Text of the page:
We didn't turn "Nigger" to "Nigga" a southern accent did. We didn't decide to call each other it and use it as a term of endearment, slavery told us to do that. We didn't decide to objectify our women and put them on display, slavery taught us that (Hottentot). We didn't decide to create a diet that literally destroys our bodies, slavery forced that on us. These aspects of "our culture" had and have no purpose but to destroy us, yet we protect them. We "reclaim"/claim nigga, we claim soul food, we claim beef and violence in our communities, we claim the objectification of the biggest asses and those who promote all of these things in media. These are all tools of racism. It's costume.

How can we burn the custom that we are wearing? We won’t because we are wearing it. It becomes our identity and we become inclined to defend it. We must take it off! It is not ours! Ours is stronger and much more beautiful. We need to reclaim our culture that supports and protects our women, protects and supports our men, that supports our health and our communities. True black culture builds, protects and supports life! It is in us, but we will never be able to see it in the mirror until we take off the costume and our own addiction to our demise.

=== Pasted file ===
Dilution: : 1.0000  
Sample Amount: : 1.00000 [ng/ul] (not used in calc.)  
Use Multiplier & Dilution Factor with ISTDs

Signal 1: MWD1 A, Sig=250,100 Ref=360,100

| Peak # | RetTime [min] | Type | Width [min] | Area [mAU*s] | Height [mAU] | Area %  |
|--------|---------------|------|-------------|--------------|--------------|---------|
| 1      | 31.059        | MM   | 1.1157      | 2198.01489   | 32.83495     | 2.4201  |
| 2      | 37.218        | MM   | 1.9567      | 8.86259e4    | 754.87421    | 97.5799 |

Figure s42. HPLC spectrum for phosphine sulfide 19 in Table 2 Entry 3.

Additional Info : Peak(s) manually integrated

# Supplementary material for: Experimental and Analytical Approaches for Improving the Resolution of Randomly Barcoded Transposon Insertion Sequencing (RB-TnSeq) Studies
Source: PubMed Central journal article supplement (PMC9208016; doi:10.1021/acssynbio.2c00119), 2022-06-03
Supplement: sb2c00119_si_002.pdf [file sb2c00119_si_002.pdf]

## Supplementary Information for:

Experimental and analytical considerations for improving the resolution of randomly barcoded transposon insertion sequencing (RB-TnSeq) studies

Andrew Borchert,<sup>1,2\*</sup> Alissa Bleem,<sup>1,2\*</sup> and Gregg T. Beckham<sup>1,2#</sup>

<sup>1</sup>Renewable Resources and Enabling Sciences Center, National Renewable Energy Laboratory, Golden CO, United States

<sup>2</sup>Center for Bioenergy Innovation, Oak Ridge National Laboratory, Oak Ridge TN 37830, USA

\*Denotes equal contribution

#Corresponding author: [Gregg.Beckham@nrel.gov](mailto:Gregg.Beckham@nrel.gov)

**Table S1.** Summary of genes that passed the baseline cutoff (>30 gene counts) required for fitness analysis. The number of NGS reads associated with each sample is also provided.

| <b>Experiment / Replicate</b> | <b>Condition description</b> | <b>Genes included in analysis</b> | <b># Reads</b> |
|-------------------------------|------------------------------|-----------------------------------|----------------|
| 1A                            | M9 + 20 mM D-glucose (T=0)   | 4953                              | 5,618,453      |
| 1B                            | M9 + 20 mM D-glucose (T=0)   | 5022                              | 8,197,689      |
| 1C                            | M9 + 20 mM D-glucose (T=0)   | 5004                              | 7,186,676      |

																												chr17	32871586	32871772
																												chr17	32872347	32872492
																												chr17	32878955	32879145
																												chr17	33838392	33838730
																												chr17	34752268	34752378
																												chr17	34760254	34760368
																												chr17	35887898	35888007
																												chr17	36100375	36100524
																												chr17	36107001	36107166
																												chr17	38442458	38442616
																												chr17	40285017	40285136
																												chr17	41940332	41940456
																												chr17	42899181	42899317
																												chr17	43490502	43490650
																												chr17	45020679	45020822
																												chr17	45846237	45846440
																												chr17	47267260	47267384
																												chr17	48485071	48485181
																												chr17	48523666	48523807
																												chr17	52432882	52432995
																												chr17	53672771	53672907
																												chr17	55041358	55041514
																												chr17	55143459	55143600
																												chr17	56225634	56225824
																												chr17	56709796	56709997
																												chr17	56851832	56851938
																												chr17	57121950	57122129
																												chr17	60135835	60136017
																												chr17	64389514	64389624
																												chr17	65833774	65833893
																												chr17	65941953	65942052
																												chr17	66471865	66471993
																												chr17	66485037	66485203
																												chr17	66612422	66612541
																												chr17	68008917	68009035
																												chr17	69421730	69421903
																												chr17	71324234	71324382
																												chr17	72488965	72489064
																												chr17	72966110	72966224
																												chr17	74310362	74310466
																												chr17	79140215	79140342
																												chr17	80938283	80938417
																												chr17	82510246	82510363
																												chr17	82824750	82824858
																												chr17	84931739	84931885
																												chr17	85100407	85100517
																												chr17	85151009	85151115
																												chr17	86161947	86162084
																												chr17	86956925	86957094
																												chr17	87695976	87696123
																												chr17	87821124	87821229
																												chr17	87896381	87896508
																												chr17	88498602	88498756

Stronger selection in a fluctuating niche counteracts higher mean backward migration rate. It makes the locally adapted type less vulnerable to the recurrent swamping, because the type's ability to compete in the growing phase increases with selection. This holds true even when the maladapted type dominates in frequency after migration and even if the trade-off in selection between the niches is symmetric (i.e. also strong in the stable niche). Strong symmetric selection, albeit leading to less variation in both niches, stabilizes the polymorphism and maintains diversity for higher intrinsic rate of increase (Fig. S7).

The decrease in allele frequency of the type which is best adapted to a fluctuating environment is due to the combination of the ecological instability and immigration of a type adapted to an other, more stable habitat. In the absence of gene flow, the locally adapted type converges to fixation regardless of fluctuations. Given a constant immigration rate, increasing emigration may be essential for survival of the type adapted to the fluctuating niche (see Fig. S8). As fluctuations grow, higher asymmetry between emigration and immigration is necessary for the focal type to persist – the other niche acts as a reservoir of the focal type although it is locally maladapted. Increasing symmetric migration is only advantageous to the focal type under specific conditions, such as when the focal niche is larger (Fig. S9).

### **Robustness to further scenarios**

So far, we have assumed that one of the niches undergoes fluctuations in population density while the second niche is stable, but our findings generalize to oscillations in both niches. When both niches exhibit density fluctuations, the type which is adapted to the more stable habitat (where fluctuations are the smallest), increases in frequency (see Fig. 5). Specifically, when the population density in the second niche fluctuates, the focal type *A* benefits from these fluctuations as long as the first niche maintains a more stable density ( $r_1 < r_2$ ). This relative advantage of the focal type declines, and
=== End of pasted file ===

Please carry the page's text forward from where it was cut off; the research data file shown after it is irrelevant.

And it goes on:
-@BROTHERKAMAU

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I think what bothers me is the fact that I didn’t even realize any of this until it was pointed out and I think that is one of the key reasons why this continues. First of all, a lot of people don’t know these things. A lot of people are not educated on these prime and important facts in black culture, but what they are educated about is the fact that we do like to eat fried chicken; we like our music videos with naked women shaking their butt. OMG! It’s just pissing me off because its like all the pieces as I am talking are fitting together in my brain. It’s like that emoji that has that brain exploding. I’m just here thinking about all the different articles I’ve read in the past that didn’t resonate for me when I watched this video. I read an article one time, or maybe it was a documentary I watched—this came from slavery.